1. P. 139H to 140C. 15 “ Via brevis est, labor permodicus est," p. 15D. 16 P. 394, 1. 10. Cf. pp. 395, 396 on the ease of defeating the cowardly Turks. 17 P. 138H to p. 139C.

Reference to Spain.' Mentioned by William, but by no one else. Guibert, however, does give in the preceding chapter, as one of the causes of the pope's preaching the crusade, that he had very often heard of the Saracens' attack upon Spain. Cross to be worn. Mentioned by William. Robert mentions this in the second address to the clergy. The others mention it later but not as a part of the pope's speech.

In addition to the subjects already mentioned there is a subtle appeal to the ascetic spirit of the times, in the versions by Baldric, Guibert, and William; and an exhortation to follow the example of the Old Testament heroes, in the versions by Baldric and Guibert. It is probable that both subjects were referred to by Urban, but the vague and divergent references may be merely the work of the reporters. The references are of too slight weight to be used here.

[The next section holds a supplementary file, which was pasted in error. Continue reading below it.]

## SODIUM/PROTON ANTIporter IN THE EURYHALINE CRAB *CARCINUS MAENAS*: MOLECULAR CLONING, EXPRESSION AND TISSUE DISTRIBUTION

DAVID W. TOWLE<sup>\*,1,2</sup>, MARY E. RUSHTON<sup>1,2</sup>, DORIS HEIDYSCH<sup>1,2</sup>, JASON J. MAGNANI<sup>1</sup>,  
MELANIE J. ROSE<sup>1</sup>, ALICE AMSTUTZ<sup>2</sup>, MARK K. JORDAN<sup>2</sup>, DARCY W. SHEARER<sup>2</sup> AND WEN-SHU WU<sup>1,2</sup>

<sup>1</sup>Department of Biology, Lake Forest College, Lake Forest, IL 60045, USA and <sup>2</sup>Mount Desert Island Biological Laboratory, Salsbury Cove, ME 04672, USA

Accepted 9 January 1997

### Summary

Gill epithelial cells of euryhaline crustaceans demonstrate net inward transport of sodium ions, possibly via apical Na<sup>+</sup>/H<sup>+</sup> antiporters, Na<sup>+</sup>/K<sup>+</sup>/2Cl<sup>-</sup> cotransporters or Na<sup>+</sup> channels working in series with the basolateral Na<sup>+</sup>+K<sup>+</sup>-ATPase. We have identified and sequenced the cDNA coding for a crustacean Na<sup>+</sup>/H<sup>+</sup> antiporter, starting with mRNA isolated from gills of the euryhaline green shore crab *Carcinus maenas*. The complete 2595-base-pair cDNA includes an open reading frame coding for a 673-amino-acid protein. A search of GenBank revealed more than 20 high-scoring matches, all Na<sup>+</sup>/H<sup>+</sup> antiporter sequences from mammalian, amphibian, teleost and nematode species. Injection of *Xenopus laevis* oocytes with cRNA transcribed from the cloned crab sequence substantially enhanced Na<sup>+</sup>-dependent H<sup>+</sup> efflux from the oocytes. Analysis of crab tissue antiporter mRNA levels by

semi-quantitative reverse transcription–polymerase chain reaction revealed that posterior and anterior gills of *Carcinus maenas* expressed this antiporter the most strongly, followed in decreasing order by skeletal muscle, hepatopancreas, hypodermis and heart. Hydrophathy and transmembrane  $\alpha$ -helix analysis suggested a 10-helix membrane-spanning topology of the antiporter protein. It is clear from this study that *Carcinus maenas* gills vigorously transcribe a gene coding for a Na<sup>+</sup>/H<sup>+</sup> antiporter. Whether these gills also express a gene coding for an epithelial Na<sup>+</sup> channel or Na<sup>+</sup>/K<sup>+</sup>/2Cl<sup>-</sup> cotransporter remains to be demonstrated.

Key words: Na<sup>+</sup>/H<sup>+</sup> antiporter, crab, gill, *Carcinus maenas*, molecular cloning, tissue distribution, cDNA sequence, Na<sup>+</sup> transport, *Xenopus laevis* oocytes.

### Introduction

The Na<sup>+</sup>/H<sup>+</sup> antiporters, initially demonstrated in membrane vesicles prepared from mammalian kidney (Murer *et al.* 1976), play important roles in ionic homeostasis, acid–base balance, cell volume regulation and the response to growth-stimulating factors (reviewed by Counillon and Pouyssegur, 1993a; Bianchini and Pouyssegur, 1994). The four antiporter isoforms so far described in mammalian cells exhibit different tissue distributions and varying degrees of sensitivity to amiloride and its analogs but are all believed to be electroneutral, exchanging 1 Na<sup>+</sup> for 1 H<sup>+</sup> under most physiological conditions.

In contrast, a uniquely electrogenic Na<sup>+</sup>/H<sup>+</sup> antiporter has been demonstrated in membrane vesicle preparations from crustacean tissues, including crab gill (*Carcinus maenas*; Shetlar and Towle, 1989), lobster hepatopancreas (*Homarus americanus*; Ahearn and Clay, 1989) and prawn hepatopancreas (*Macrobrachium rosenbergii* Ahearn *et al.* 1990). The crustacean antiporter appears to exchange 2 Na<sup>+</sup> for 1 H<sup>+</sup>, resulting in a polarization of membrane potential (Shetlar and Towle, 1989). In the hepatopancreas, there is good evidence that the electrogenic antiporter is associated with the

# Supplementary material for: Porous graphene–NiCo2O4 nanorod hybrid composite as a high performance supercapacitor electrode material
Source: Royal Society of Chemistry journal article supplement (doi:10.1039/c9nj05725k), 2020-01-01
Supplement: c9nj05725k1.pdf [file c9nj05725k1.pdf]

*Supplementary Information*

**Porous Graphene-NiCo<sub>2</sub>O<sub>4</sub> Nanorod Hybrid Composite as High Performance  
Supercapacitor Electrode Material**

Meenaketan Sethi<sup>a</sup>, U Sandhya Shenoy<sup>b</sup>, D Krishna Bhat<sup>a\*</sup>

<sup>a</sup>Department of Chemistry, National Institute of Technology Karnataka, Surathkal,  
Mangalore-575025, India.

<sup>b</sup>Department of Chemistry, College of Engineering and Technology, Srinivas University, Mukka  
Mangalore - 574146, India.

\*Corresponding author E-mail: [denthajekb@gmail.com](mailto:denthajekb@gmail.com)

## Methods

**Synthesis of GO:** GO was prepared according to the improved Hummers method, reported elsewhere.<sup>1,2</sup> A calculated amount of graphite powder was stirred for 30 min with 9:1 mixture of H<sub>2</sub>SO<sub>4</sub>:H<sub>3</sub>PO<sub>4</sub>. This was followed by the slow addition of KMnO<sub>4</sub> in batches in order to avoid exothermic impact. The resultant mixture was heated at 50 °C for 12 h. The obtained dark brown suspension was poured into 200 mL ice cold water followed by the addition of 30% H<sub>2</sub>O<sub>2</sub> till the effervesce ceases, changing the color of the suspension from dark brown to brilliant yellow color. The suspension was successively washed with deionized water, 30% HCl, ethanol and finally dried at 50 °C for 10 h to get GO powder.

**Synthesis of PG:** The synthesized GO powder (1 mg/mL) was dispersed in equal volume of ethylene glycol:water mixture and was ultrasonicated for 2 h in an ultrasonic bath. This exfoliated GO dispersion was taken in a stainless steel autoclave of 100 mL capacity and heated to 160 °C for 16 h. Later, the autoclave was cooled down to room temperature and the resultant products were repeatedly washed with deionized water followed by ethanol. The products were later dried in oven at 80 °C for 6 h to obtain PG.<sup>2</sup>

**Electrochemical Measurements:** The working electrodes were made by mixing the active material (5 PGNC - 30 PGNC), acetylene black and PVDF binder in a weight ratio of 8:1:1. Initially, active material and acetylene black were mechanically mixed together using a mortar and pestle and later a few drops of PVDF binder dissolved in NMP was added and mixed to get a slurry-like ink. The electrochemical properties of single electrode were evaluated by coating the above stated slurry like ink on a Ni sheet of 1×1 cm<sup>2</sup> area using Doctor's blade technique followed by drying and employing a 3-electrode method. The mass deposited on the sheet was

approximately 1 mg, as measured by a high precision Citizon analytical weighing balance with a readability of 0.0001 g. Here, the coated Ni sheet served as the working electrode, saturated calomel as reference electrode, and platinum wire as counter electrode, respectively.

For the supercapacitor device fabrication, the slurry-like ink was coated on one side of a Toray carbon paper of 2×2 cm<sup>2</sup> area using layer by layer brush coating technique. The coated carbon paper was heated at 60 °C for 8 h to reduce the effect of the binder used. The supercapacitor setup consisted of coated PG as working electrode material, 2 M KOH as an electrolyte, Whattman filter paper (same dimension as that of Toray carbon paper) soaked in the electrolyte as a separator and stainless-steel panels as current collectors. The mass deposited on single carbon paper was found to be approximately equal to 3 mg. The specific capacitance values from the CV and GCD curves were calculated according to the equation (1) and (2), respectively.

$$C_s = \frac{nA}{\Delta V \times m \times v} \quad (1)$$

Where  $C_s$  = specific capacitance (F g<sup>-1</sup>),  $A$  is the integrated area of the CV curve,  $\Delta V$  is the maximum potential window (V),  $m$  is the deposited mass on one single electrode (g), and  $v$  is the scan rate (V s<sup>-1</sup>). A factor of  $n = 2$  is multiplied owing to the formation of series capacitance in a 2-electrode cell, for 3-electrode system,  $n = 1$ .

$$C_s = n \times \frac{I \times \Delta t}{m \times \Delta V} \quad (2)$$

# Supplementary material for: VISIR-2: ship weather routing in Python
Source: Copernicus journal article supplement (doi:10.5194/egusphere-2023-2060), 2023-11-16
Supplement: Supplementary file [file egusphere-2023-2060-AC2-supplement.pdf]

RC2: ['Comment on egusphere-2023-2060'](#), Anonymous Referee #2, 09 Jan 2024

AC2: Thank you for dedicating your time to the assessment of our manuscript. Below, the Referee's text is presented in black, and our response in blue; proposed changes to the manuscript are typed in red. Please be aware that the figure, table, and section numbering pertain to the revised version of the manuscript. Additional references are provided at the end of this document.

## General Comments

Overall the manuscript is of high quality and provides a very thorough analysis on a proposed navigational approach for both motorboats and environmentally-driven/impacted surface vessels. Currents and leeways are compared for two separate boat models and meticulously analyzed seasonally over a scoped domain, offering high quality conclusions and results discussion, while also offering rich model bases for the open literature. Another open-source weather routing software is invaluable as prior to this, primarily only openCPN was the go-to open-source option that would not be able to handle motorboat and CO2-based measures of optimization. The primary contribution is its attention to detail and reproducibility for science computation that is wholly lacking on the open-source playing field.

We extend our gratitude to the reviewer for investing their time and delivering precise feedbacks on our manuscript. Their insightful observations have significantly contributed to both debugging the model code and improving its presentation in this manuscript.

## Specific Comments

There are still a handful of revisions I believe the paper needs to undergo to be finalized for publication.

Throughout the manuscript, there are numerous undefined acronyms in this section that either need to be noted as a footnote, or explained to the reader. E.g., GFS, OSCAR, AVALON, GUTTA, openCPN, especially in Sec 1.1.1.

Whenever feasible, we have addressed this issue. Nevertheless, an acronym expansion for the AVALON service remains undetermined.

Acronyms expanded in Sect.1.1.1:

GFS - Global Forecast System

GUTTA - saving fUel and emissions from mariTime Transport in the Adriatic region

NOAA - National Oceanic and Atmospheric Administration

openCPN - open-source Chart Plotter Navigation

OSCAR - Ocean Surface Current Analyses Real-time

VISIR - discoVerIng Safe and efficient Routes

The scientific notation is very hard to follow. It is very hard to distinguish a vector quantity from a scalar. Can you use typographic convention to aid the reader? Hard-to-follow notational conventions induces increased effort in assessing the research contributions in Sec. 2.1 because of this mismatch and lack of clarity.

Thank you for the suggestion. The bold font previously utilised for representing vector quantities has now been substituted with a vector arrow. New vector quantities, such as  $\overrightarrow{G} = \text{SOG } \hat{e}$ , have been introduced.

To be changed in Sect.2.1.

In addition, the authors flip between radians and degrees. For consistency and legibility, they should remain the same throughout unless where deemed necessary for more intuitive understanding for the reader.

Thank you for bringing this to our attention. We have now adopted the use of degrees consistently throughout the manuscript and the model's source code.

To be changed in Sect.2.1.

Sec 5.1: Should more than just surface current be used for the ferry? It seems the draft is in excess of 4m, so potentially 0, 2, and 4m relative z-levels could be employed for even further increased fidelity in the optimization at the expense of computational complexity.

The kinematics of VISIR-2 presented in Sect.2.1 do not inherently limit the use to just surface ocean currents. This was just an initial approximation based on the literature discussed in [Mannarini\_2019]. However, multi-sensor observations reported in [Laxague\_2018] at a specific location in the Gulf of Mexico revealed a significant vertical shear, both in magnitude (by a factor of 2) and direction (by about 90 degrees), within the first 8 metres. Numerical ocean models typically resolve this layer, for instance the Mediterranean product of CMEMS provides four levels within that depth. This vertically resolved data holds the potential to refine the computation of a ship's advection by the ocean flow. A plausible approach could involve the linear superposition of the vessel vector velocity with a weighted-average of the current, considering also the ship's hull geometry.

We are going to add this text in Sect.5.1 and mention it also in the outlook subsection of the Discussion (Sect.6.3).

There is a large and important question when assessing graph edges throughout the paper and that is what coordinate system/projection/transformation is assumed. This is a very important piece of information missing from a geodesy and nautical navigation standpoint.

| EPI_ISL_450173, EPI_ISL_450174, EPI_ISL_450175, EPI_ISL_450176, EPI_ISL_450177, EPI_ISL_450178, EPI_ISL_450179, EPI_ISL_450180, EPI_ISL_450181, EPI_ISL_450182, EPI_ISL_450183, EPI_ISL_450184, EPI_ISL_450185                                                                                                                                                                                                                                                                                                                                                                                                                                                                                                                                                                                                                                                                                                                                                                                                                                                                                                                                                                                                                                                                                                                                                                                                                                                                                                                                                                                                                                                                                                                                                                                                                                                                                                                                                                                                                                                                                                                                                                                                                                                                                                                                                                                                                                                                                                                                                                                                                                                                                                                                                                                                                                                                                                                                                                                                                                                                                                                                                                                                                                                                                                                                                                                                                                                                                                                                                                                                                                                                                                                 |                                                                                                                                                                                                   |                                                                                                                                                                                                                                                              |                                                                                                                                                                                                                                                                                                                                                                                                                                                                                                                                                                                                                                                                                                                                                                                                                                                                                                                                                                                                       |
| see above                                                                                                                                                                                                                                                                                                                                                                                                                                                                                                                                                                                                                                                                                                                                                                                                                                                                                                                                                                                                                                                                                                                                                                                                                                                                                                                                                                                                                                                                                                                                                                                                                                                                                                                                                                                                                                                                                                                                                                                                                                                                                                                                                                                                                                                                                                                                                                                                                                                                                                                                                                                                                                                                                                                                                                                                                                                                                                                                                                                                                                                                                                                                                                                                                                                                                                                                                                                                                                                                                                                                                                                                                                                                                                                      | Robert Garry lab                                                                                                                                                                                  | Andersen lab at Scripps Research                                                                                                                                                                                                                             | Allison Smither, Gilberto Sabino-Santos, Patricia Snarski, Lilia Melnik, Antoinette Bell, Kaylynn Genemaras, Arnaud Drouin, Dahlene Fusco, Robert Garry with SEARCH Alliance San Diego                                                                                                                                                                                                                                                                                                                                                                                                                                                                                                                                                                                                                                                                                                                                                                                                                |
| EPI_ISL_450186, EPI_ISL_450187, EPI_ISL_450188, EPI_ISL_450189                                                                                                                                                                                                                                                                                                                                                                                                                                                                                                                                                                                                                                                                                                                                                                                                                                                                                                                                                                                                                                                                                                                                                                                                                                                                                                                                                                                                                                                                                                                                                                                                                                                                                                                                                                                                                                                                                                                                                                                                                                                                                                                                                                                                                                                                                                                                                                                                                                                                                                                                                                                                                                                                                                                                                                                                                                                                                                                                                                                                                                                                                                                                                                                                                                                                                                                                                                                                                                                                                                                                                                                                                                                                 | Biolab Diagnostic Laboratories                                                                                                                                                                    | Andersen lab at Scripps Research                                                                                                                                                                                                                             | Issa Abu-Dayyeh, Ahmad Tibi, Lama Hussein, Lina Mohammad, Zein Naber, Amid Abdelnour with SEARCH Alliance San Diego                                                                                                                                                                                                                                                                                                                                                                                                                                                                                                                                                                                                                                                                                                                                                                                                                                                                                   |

Urban may have mentioned all these subjects, as well as some which have not been reported. Undoubtedly, his exhortation was much longer than any of the brief reports which have been preserved. But, judging from the material in existence, the following conclusions seem justified.

In addition to the points about which there can be no reasonable doubt, rich and poor may have been urged to go. If this was not expressly mentioned, it seems to have been taken for granted by the auditors. The evil conditions at home were probably dwelt upon. The only doubt in this case arises from a possible confusion of the first and second speeches in the various reports. Some mention of this subject would, however, naturally accompany the exhortation to fight just wars in place of unjust. The sufferings of the pilgrims were probably mentioned. There may have been some reference to Spain, as this might have been suggested by the conquests of the Turks. The valor of the Franks may have been praised by the pope. It is a matter of doubt whether Urban used any but commonplace expressions of contempt in describing the Turks or in regard to the easiness of the task. He probably did not refer to the time of departure, to the need of contending against Antichrist, or to the wearing of the cross.